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Comment Re:It's not what Google wants.... (Score 1) 376

Yeah. I know Google is collecting a lot of my data, however I also trust their privacy policy and the documentation they've provided on their architecture, and overall - what Google is doing with my data is overwhelmingly positive. Automagically parsing my flight reservation emails and putting up my flight's departure time and gate on my watch without me going through ANY effort to search is nice. Popping up my store loyalty card when I walk in is nice. Giving me an "accident on your current road" even when I haven't fired up Navigation is nice.

Comment Re:It's not what Google wants.... (Score 2) 376

Yeah. This is useful for lots of automated diagnostics functions.

Also, SOME of that data (not all of it) is highly beneficial for augmenting navigation systems (most notably, vehicle speedometer and steering position). Google even explicitly mentioned how this data would be used by Android Auto in a presentation somewhere (I don't have the link to it now...) It's hinted at a bit past one minute in to but I'm fairly certain I saw a presentation somewhere explicitly stating that vehicle GPS, steering position, and wheel speed would be used for location sensor fusion.

Comment Re:Energy density isn't the important bit (Score 1) 147

Yeah. High-current/high-energy-density batteries are, by the nature of how they are designed, prone to catastrophic failure if something causes the components to short together.

It's nearly impossible to make it "not explosive" without also making it "not nearly as useful".

Comment Re:Stupid comparisons (Score 2) 345

This is partly why one of the more common statistics is fatalities per passenger-mile.

I am fairly certain the 747 wins by a significant margin here as most 747 airframes were used more frequently than the Concorde (more flights per week) and typically flew longer distances (747 was a transpacific workhorse, Concorde was only used for transatlantic flights.)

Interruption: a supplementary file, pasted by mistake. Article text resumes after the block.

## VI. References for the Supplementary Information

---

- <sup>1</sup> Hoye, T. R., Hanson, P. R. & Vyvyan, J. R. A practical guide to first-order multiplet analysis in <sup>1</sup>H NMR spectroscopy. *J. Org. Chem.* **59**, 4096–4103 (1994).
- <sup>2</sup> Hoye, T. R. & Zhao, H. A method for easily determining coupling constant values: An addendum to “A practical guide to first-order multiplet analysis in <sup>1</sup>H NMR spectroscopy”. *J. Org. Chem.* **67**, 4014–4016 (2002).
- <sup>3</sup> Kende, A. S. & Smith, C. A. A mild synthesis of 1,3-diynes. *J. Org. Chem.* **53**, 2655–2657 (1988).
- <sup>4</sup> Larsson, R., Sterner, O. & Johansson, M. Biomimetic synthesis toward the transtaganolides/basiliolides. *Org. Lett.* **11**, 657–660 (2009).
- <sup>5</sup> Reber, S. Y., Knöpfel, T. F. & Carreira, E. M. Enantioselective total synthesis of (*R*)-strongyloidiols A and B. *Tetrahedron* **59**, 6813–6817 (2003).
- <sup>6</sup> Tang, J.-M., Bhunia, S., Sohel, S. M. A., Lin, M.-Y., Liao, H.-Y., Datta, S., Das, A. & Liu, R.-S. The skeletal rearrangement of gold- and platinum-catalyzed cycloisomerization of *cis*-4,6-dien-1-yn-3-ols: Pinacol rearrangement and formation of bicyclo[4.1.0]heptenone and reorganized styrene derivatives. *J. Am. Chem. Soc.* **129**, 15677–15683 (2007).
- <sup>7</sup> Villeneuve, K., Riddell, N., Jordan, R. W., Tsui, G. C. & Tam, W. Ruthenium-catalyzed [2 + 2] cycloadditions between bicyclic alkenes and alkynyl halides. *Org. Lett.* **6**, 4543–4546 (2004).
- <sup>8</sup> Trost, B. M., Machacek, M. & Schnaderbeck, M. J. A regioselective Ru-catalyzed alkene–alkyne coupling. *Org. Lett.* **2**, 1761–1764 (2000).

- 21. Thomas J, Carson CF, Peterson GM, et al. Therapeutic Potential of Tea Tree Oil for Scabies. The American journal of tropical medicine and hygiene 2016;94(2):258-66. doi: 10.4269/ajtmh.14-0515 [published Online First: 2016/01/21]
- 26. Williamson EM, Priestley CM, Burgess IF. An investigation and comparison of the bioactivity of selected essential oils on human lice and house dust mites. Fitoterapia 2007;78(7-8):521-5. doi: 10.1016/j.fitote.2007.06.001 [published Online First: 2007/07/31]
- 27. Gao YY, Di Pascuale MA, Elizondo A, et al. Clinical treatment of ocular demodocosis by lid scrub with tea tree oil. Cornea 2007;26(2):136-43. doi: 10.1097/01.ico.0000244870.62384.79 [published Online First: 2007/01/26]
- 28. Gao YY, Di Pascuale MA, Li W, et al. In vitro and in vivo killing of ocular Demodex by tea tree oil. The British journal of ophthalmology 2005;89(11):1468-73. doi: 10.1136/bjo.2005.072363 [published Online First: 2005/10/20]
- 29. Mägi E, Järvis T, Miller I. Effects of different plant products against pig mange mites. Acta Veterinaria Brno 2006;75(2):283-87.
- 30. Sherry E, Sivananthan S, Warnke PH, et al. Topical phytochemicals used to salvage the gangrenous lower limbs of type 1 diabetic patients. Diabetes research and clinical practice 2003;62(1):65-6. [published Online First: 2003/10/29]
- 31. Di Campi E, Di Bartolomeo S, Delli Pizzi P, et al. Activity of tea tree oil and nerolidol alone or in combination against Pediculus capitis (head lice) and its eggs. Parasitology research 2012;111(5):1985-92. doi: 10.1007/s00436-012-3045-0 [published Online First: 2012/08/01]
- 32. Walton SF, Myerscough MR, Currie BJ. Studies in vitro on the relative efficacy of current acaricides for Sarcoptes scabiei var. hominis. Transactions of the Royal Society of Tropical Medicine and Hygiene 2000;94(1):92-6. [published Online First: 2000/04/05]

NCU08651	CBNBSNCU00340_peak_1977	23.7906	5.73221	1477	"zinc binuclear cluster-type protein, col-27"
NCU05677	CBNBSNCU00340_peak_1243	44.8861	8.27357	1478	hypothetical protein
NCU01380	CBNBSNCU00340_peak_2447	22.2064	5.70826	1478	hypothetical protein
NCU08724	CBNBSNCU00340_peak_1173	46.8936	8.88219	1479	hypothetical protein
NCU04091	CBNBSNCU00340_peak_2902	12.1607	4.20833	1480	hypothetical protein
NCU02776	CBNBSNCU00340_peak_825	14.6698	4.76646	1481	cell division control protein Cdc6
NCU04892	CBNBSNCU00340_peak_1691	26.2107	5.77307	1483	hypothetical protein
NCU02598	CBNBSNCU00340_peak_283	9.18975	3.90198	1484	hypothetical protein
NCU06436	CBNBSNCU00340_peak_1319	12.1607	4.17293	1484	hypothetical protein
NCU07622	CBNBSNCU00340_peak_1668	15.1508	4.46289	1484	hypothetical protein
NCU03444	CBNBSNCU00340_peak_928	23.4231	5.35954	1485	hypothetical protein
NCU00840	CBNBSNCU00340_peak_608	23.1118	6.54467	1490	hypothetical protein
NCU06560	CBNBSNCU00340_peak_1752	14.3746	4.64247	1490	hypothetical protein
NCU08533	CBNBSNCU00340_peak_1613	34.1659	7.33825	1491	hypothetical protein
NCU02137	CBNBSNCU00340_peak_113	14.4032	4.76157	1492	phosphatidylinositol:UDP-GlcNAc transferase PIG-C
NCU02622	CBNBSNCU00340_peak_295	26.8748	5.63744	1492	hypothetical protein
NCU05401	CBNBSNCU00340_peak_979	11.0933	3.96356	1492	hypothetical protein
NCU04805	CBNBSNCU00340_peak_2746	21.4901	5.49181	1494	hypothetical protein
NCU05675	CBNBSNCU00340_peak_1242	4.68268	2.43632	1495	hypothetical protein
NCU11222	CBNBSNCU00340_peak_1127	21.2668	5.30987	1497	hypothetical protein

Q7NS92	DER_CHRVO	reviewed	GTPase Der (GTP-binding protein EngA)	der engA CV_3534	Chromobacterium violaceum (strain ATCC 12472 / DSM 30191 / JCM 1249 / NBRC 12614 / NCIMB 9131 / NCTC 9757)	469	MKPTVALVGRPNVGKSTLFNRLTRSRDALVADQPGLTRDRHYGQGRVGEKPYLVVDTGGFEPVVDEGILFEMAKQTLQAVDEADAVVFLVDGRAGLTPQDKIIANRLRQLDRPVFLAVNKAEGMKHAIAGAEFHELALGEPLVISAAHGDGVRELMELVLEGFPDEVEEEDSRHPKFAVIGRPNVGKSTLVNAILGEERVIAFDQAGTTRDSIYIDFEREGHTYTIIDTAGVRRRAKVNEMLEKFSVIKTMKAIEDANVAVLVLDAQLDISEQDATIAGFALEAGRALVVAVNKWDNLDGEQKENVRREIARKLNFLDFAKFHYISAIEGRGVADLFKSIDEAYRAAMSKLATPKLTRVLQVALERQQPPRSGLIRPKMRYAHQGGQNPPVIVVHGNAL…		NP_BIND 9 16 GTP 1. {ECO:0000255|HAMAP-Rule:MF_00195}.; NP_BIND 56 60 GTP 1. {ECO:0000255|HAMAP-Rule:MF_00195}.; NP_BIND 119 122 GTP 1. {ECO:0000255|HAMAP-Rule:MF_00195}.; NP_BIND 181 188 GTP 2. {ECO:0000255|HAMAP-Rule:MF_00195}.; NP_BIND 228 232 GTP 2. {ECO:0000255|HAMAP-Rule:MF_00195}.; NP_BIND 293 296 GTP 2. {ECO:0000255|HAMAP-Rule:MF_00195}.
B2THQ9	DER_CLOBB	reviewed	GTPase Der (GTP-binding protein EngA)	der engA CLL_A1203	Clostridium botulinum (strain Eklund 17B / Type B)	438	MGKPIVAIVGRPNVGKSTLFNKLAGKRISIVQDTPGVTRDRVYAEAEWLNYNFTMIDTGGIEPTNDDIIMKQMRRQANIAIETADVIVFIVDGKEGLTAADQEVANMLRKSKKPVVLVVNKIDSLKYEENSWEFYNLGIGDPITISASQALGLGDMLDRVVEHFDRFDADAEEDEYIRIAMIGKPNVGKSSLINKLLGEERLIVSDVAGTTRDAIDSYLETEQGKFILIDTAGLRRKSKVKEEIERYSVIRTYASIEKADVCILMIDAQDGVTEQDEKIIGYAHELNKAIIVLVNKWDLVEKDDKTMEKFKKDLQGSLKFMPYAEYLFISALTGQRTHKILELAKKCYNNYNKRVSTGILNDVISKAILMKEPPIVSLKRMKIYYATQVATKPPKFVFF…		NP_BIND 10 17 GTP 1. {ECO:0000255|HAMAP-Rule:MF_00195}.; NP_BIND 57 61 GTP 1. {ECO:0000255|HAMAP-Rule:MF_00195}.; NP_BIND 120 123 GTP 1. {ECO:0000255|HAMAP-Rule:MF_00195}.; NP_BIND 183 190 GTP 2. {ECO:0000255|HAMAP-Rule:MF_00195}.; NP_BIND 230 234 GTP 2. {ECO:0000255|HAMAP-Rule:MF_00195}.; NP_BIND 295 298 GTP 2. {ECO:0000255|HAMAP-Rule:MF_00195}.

Comment Re:65 VW Bug (Score 4, Insightful) 373

Yeah. Automotive electronics are designed to be pretty EMP-resistant from the beginning because the ignition coils produce what amounts to small EMPs - and they're connected to the power rails!

Automotive engine compartments are one of the most electrically noisy environments out there.

As far as a "hacker-safe" car - buy a car WITHOUT those snazzy remote management features like uConnect/OnStar/etc. All of the remote compromises out there have used those "it's not a bug, it's a feature!" attack routes.

Comment Re:Sounds Great (Score 4, Informative) 66

Um, no, a 1000 unit vial (10 mL of U-100) costs $25 for regular and NPH insulins. (If you're paying more than this, blame the pharmacy. This is one of the few cases where I root for Walmart - they've managed to get Novo onboard with selling Novolin R and N for $25/vial)

Unless you're purchasing Lantus or Novolog/Humalog (which most diabetics including myself are), which are MUCH newer than 1978 and still have active patents. (Some of Lantus' are about to expire or recently expired, but Novartis played some legal games to manage to block generic Lantus from the market until late 2016...) Even after "generics" of the "designer" insulins launch, the FDA's rules on "biosimilars" are going to slow down this market. (IIRC, generic Lantus IS available in India at significantly reduced prices.)

Comment Re:Faa rules for RC planes (Score 1) 1197

I don't see a single one of these that the pilot definitively violated. "Don't fly near people or stadiums" is the only thing he might have violated, depending on where in this guy's yard it was. (I don't consider shotgun range to be "near enough to be dangerous" - well for danger to people from the aircraft. Obviously the shotgun is dangerous).

What if he was taking pictures of the neighbor's house, at the request of the neighbor? (In fact this is what he claims he was doing.)

Comment Re:Or... just hear me out here... (Score 2) 1197

To play devil's advocate:

The drone pilot claims he was asked by one of the people in the neighborhood to take some pictures. I've done this before.

In the case of the guy with the shotgun - can he confirm that the camera was indeed pointed towards him, as opposed to someone else's house (that someone else who could have given permission and possibly even requested the photography)? Same for the 16 year old who waved at it - did she know for sure that she was seen on camera, or was the camera aimed elsewhere and it's just coincidence the pilot moved the thing for a different camera angle after a bit?

That said, if you're trying to take pictures of friend A's house, and want to get an oblique (from the side view) shot which requires you to be over the neighbor's property but with the camera aimed at A's property - you should probably chat with A's neighbors just to give them a heads up what you're doing.

Another megabytes the dust.